Camera points police to suspect

Footage of fatal shooting shows possible witnesses, boy running from scene

August 05, 2005|By Gus G. Sentementes | Gus G. Sentementes,SUN STAFF

It was a crime scene all too typical in Baltimore: a young man shot on the steps of an East Baltimore rowhouse in the middle of the afternoon. No witnesses to be found. No motive. No suspect.

Paramedics took Darrell Winston, 21, to the hospital, where he died about 15 minutes later. Yellow tape blocked off the area where he was shot and police tried, with little luck, to glean information about a shooting that supposedly no one saw.

But the camera saw - and it was recording.

Nearby was a nondescript police surveillance camera perched on Monument Street, pointing down North Curley Street where the Aug. 2 shooting occurred. It didn't catch the actual shooting, which was obscured by trees, but it captured other bits of vital information: a boy thought to be a suspect running away and witnesses who would later help police link him to the shooting.

The camera helped police do basic investigative work in a city where witnesses are often threatened and are notoriously hard to come by.

"Without the cameras, we would've had a half dozen people who said they didn't see anything," said Deputy Police Commissioner Marcus Brown.

A few hours after officers had left the shooting scene, police officials were still watching live scenes of North Curley Street from the still-rolling camera. And they discovered an interesting phenomenon: many people who were on the block during the shooting slowly returned. Police said some of them were even buying and selling drugs out of a rowhouse close to the shooting.

"That's when the cameras allow you to begin an investigation," Brown said. "Because you can match the homicide film to the people who returned."

For hours, police watched people coming and going from the suspected drug house on the corner. About five hours after the shooting, officers chased a suspected dealer into the house and busted in the door with a battering ram. They reported seizing two guns and a small quantity of drugs.

The camera allowed police to identify witnesses and develop leads that led to the identification of the shooting suspect, police said.

The remote-operated camera is one of about 120 that police have set up around the city. They plan to install another 80 by October. Some of the cameras are easy to spot because of a blue light that flashes above them. Others, such as the one that caught the fringes of the homicide scene Tuesday, have no conspicuous markings, police said.

Other cities, such as Chicago and Philadelphia, have deployed video cameras to address crime concerns, as well as potential terrorist threats. Chicago has about 2,000 cameras, and in Philadelphia, cameras recently caught a murder on tape, and helped lead to the arrest of a suspect.

The video footage of the slaying on North Curley Street was shown to top police commanders at yesterday's Comstat meeting, where the officials study crime patterns and discuss strategies to make the city safer.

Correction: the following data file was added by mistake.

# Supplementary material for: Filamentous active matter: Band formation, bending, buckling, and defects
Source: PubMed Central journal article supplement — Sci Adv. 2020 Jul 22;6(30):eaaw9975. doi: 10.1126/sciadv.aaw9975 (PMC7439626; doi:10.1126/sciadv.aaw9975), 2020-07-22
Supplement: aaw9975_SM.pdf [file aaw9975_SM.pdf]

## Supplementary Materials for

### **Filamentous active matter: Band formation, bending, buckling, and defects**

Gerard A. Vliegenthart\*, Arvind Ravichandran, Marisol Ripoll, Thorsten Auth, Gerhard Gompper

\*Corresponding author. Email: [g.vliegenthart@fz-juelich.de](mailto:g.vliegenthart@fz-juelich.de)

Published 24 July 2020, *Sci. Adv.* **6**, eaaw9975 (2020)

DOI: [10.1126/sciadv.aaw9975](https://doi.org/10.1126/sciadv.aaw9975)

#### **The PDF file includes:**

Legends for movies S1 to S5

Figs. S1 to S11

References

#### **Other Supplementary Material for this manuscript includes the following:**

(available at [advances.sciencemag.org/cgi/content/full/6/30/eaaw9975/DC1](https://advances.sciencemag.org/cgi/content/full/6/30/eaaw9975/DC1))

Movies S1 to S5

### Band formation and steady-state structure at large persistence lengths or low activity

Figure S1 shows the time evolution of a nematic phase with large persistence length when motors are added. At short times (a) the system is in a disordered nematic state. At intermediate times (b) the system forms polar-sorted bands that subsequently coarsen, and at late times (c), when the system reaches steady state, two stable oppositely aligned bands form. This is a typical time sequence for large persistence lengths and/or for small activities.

About a half dozen witnesses were seen ducking for cover and running into houses when gunfire erupted.

Seconds later, a boy is seen dashing across North Curley Street and into an alley. Soon after, the videotape showed other people running toward the victim in an apparent effort to help him.

By 10 p.m. Tuesday, nearly nine hours after Winston's death, police had identified a 15-year-old boy as the suspect.

But other people - who may have been seeking revenge for Winston's killing - apparently tracked down the boy before police could. The boy was shot in the 700 block of Kenwood Avenue shortly after midnight Wednesday. He was taken to Johns Hopkins Hospital where he was in good condition yesterday, police said.

Police have issued an arrest warrant for the boy in connection with Winston's murder. The slain man's family could not be reached for comment.

Two men were arrested on handgun violations in the area immediately after the boy's shooting, but so far no one has been charged, police said. Police were reviewing video camera evidence in that shooting as well.

Yesterday, at police headquarters, police officials said their use of the cameras in this case exemplified the potential of the equipment in criminal investigations.

"It gives us a force multiplier," said Police Commissioner Leonard D. Hamm. "It gives us extra eyes and extra ears on the streets."

Brown said the cameras help provide valuable intelligence on all types of criminal investigations.

"Everybody goes for some sort of cover" during a shooting, Brown said. "But minutes later, they're back on the street, almost in the same positions."

Sun staff writer Richard Irwin contributed to this article.

Baltimore Sun Articles
Please note the green-lined linked article text has been applied commercially without any involvement from our newsroom editors, reporters or any other editorial staff.